Often representing either danger (aposematism) or reward, natural objects of strong colors speak loudly to us because they carry important messages. This suggests the use of vibrant colors as transmitters of vital information, attracting the eye to what is of importance. And whether to warn or attract, our bodies react to vivid colors by activation. Acknowledging this can help us to understand how to balance subdued and vibrant colors in a palette, to strike a healthy balance of activating and calming qualities.
3.1.4. Cold and warm hues. Above, we discussed subdued environmental colors, whose role is to be present, without asking for attention. Consequently, cold hues — blue, often found in the sky and the ocean, and greens and browns, found in the grown habitat—are associated with feelings of relaxation and calmness. Hence, these colors are proposed to facilitate focus and enhance performance on tasks requiring sustained attention.
On the other hand, warm colors—red, orange, and yellow—are often associated with strong feelings such as passion, excitement, and warmth. They are the colors of fire. Of the sun. Of warmth and energy. Studies show that warm colors increase arousal. Adrenaline starts to flow, blood pressure increases and temperature is perceived to be warmer. The color red has a special place in our minds and is often associated with strong emotions such as aggression and passion. This ties well into our sensitivity to blood: From a bleeding wound to a blushing face—we react to and notice even the smallest variations of red.
This can help us understand how to design calm spaces with a balanced amount of bodily activation. It should be understood, though, that saturation and brightness are possibly of higher importance than hue. Interestingly, most research on color psychology does not include these two fundamental components of a color.
3.2. Adapting natural colors to situation
By dynamically adjusting our colors according to the position of the sun at a person’s given location, we might enable a better circadian rhythm and a more natural flow throughout the day.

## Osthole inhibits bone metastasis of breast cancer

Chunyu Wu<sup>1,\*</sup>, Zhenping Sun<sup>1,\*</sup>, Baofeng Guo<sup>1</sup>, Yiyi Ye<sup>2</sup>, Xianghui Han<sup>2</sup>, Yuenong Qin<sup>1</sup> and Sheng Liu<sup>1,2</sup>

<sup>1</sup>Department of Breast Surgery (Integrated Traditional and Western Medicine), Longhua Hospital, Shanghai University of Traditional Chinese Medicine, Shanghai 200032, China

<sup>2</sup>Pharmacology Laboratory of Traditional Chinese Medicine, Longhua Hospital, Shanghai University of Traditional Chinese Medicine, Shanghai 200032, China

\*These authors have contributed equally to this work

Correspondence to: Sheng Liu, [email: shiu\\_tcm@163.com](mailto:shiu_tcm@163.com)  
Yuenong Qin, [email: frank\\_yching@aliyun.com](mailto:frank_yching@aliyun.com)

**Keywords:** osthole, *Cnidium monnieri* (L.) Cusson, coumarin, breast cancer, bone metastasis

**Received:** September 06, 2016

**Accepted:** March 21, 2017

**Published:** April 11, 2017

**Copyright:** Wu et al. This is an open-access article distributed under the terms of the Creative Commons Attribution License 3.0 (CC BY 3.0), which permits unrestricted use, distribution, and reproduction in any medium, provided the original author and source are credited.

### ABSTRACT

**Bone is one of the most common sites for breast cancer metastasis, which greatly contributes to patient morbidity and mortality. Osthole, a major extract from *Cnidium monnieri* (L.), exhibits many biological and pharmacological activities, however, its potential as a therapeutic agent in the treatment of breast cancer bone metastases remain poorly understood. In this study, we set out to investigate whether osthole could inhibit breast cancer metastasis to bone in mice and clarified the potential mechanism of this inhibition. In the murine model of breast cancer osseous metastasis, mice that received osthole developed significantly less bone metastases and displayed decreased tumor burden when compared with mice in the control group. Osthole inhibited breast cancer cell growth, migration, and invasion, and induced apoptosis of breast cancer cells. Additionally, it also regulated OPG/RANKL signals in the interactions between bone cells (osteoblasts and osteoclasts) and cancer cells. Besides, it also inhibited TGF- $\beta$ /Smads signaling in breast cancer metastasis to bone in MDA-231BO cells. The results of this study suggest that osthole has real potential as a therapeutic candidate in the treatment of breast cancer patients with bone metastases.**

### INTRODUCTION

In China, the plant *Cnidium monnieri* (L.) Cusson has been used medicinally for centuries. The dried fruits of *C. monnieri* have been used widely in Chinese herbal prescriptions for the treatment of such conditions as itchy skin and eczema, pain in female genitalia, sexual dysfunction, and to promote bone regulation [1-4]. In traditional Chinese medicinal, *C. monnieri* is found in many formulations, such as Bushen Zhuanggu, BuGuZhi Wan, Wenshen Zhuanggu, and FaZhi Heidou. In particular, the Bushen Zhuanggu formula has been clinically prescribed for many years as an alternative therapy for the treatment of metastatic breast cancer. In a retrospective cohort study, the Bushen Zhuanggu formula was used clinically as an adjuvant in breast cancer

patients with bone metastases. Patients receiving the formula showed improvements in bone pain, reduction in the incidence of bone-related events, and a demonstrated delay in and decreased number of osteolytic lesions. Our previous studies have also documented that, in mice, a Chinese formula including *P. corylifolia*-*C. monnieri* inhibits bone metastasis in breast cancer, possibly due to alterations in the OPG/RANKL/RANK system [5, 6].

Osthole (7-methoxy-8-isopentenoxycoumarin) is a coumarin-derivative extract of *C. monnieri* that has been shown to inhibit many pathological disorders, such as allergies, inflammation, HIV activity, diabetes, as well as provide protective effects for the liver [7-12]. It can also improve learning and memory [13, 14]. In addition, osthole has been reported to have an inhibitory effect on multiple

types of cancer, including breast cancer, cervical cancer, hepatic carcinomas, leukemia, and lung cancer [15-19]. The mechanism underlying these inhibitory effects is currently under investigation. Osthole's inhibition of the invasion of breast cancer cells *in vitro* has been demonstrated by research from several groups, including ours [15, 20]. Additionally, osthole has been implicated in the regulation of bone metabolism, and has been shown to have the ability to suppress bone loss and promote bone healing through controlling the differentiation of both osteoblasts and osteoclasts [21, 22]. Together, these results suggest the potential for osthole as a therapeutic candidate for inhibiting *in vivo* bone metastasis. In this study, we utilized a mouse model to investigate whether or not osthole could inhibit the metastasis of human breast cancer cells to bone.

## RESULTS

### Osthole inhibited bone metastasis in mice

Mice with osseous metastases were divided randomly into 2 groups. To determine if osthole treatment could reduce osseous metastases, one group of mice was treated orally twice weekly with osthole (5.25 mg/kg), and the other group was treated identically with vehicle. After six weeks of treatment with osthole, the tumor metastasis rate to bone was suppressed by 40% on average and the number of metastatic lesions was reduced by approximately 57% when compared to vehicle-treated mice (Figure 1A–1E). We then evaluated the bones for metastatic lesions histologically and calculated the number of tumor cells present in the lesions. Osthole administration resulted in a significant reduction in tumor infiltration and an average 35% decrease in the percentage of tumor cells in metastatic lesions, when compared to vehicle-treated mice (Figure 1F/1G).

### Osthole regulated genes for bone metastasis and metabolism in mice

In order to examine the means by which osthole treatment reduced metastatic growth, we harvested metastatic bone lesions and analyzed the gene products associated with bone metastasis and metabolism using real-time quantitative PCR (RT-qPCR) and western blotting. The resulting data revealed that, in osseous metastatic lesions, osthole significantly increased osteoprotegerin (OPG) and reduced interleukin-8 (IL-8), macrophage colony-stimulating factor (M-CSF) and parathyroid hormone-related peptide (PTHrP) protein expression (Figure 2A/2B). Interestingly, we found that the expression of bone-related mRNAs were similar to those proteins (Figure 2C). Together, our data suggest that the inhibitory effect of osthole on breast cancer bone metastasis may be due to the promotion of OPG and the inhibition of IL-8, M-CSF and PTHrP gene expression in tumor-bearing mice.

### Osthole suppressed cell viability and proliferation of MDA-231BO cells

3.2.1. Dynamic seasonal colors. We have previously discussed how we can use the knowledge of light to ground people in time. Equally, to help tie people to their physical location, we could equip our designs with seasonal shifts in color. This could help us align our bodies with the shifts in nature. From a colorful summer palette bringing growth and life, to a subdued winter palette regulating our body in line with the resting nature. Surrounding ourselves in quiet environments to slow down our routines during the winter months could help us recharge and re-center for warmer times.
On the other hand, humans might not be fully emotionally equipped to live in locations with dimly lit seasons, and could very well need the opposite of a dark screen in the winter. All over the planet, humans point towards the same scene when picturing beauty: The savanna — green and amber grasslands with widely spaced, laterally spreading trees. Open vistas of blue skies, animals grazing in the distance, and a source of water nearby. This proposes that we’re still biologically programmed to thrive at such locations. As the ancient Egyptians used painted rooms or sunlight shining through crystals as therapy, maybe we during the cold and dark winter months could need “color cures”?
3.2.2. Employing twilight blue and flame light for dynamic night mode. Melatonin is a hormone that helps regulate our sleep-wake cycles. The production of it is influenced by exposure to light, and studies propose that blue light, in particular, can suppress the production of melatonin. Blue light has a shorter wavelength and higher energy than other colors of light, and is said to be more effective at stimulating the photoreceptors in the eye that affect the body’s internal clock. As a result, exposure to blue light at night is believed to disrupt the body’s natural sleep-wake cycle and make it more difficult to fall asleep. These studies are currently guiding many design decisions, such as digital device “night modes” which add a warm yellow hue to screens in the evening.
But can it really be that blue — the color of the night— makes it harder to sleep? Some studies suggest that our understanding of blue light might be misguided. The blue colors could even have a weaker effect than the white or yellow light of equivalent brightness. And brightness might be the most important factor here. The energizing midday sunlight, often slightly yellow, is extremely bright. The blue twilight and moonlight, on the other hand, are very dim. In other words: We are awake in the bright, yellow day, and we sleep in the dim, blue night.
Still, it is pleasing to surround ourselves with some warm light in the evening. Reminding us of a force of nature we tamed early, the quiet, contemplative atmosphere of a flickering flame is both calming and mesmerizing. Its warmth relaxes, and it encourages introspection and reflection.
This could inform the design of healthy environments. Leaning further into natural aesthetics, a better approach to “night mode” could be to design passive dim blue ambient environments, eventually lit in burning orange when interacted with. This approach, operating between two states, could be extra interesting for always-on-displays, and especially impactful for ambient computing, with far-field and near-field interaction.
Design Ethics Director
stein [a] heydays.no